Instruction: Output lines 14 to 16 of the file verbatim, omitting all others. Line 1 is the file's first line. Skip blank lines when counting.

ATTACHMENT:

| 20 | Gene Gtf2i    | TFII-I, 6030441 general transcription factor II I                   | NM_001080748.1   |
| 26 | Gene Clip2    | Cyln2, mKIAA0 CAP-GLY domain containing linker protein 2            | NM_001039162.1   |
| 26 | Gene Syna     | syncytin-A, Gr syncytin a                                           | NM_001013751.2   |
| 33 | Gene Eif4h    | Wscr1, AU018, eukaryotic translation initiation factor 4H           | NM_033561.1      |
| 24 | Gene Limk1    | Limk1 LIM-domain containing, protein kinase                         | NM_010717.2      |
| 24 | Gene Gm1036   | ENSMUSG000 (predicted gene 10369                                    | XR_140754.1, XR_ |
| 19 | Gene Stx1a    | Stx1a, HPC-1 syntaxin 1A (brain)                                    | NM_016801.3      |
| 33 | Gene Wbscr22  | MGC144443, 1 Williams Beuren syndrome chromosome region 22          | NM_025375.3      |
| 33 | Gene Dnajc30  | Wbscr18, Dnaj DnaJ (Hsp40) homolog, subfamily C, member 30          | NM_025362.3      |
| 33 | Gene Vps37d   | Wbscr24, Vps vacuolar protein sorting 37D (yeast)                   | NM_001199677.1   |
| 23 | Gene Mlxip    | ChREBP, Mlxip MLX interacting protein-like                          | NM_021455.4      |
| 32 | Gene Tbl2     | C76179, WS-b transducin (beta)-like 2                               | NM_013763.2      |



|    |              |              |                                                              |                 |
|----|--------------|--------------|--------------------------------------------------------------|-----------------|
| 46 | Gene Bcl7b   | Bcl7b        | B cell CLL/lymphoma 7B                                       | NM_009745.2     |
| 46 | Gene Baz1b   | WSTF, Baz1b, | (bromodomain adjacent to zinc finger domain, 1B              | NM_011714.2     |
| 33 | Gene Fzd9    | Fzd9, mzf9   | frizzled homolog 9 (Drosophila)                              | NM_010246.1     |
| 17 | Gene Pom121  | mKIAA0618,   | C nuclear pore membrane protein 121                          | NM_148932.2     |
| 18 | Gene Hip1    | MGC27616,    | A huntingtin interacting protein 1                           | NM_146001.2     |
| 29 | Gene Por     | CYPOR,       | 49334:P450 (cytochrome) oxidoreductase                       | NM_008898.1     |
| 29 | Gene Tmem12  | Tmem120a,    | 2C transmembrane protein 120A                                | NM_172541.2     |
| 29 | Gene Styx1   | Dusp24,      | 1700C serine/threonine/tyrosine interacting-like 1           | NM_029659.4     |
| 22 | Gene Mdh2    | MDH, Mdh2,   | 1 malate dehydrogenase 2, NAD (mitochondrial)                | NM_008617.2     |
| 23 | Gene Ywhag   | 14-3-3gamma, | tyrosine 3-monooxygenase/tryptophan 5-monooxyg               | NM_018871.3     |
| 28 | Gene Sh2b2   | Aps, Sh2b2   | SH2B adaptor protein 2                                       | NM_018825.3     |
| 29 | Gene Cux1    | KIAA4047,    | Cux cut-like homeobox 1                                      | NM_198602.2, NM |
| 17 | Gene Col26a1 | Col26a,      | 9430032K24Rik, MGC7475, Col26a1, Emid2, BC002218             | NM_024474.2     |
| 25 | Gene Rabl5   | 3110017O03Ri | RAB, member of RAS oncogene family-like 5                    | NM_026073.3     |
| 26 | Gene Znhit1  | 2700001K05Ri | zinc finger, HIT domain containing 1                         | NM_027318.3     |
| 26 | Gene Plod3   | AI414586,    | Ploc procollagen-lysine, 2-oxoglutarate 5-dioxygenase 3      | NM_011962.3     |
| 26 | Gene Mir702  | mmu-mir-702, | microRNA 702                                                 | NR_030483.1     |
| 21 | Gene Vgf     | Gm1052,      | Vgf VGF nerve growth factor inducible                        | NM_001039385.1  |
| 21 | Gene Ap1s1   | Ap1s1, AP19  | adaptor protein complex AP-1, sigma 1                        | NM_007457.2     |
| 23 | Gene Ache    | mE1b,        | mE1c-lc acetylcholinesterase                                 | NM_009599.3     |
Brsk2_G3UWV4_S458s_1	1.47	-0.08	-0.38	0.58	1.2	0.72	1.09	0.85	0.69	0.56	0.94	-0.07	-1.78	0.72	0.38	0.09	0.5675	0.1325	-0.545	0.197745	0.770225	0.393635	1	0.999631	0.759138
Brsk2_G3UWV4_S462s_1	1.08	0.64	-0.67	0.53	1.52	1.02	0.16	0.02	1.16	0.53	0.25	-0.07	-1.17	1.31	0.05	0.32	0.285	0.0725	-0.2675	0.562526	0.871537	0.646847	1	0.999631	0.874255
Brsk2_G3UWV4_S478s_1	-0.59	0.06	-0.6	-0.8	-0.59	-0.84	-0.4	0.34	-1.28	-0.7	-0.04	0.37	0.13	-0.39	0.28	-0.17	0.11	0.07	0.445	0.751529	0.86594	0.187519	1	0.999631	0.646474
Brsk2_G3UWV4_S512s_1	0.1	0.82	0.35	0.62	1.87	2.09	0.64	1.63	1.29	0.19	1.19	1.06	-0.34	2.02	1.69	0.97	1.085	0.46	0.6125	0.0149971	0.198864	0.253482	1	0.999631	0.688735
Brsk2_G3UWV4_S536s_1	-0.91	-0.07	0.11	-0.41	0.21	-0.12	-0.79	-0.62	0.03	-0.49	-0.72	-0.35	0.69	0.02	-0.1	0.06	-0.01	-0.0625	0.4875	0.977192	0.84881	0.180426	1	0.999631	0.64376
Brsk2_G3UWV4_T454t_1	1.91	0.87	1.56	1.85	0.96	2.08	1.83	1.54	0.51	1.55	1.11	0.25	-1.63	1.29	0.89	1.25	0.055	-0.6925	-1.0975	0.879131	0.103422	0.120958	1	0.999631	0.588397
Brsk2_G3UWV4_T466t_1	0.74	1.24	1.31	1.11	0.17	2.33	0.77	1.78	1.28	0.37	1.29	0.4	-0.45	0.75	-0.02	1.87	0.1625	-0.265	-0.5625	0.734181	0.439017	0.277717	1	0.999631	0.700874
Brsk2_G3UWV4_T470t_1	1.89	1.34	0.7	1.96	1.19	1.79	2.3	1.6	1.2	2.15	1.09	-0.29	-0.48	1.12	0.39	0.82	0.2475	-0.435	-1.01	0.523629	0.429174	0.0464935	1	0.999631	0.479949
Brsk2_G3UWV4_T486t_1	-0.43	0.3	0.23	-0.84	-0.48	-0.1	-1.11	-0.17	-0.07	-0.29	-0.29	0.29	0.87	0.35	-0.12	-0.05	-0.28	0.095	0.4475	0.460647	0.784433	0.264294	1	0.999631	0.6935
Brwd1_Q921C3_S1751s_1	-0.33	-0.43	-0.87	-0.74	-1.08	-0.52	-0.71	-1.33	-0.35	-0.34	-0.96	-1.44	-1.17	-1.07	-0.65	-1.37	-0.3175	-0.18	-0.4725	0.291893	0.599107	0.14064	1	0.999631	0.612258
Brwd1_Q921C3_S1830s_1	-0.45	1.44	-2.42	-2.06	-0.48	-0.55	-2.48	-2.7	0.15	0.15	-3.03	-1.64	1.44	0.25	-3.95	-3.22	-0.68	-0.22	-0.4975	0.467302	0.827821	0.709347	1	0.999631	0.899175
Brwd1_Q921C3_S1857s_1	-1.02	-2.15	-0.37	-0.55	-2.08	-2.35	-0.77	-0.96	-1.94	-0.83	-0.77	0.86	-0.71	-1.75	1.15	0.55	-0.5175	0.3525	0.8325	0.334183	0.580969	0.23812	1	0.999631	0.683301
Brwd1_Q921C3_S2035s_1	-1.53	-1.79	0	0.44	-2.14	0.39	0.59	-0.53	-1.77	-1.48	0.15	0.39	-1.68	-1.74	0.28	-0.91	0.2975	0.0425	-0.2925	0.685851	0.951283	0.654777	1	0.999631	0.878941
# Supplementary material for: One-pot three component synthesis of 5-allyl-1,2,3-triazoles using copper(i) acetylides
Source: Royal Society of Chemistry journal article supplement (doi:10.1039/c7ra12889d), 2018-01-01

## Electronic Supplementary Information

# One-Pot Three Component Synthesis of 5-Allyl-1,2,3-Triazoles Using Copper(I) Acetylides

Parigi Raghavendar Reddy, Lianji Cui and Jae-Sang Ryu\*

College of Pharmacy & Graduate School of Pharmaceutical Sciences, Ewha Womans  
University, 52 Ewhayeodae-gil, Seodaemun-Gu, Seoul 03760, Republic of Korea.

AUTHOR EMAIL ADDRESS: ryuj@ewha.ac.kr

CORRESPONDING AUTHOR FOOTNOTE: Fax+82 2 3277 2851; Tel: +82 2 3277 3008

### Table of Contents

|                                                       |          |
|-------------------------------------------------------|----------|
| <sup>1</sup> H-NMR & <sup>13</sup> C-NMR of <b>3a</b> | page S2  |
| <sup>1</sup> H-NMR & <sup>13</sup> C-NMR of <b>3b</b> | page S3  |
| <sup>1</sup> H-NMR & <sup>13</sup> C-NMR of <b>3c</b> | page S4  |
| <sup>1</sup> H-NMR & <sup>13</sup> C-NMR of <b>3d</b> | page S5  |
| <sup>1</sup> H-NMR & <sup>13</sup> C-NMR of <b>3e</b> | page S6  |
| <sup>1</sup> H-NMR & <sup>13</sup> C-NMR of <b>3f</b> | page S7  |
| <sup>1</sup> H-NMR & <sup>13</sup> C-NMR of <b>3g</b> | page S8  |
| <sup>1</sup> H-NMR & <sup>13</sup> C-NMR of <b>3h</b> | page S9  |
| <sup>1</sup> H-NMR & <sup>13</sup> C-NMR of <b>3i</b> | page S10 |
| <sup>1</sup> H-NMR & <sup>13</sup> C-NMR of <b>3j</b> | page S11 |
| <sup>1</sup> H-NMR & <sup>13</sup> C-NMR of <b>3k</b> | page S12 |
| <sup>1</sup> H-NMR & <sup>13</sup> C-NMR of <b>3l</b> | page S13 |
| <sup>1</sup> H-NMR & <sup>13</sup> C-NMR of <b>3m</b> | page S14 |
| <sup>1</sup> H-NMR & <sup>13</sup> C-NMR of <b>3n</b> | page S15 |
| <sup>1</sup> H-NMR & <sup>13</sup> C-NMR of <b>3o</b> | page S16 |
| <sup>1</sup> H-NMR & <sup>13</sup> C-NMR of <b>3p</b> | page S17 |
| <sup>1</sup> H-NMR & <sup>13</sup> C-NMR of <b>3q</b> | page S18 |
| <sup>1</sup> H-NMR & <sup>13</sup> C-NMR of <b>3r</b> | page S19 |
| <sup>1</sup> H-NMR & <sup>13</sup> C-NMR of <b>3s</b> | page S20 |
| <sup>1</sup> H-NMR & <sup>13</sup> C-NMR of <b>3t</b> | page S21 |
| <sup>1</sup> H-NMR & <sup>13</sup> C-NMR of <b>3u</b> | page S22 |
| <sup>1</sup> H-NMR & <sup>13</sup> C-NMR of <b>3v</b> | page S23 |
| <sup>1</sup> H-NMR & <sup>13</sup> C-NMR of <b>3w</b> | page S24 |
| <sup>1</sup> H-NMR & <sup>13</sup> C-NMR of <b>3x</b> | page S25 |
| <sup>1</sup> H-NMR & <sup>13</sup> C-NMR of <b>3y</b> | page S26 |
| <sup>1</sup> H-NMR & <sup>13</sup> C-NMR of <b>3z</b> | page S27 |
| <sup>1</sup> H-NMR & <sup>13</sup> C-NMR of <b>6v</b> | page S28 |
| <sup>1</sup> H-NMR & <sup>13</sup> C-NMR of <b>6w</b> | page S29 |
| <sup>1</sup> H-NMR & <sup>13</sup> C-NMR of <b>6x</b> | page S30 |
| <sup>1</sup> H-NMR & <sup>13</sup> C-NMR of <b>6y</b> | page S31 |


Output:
|----|--------------|--------------|--------------------------------------------------------------|-----------------|
| 46 | Gene Bcl7b   | Bcl7b        | B cell CLL/lymphoma 7B                                       | NM_009745.2     |
| 46 | Gene Baz1b   | WSTF, Baz1b, | (bromodomain adjacent to zinc finger domain, 1B              | NM_011714.2     |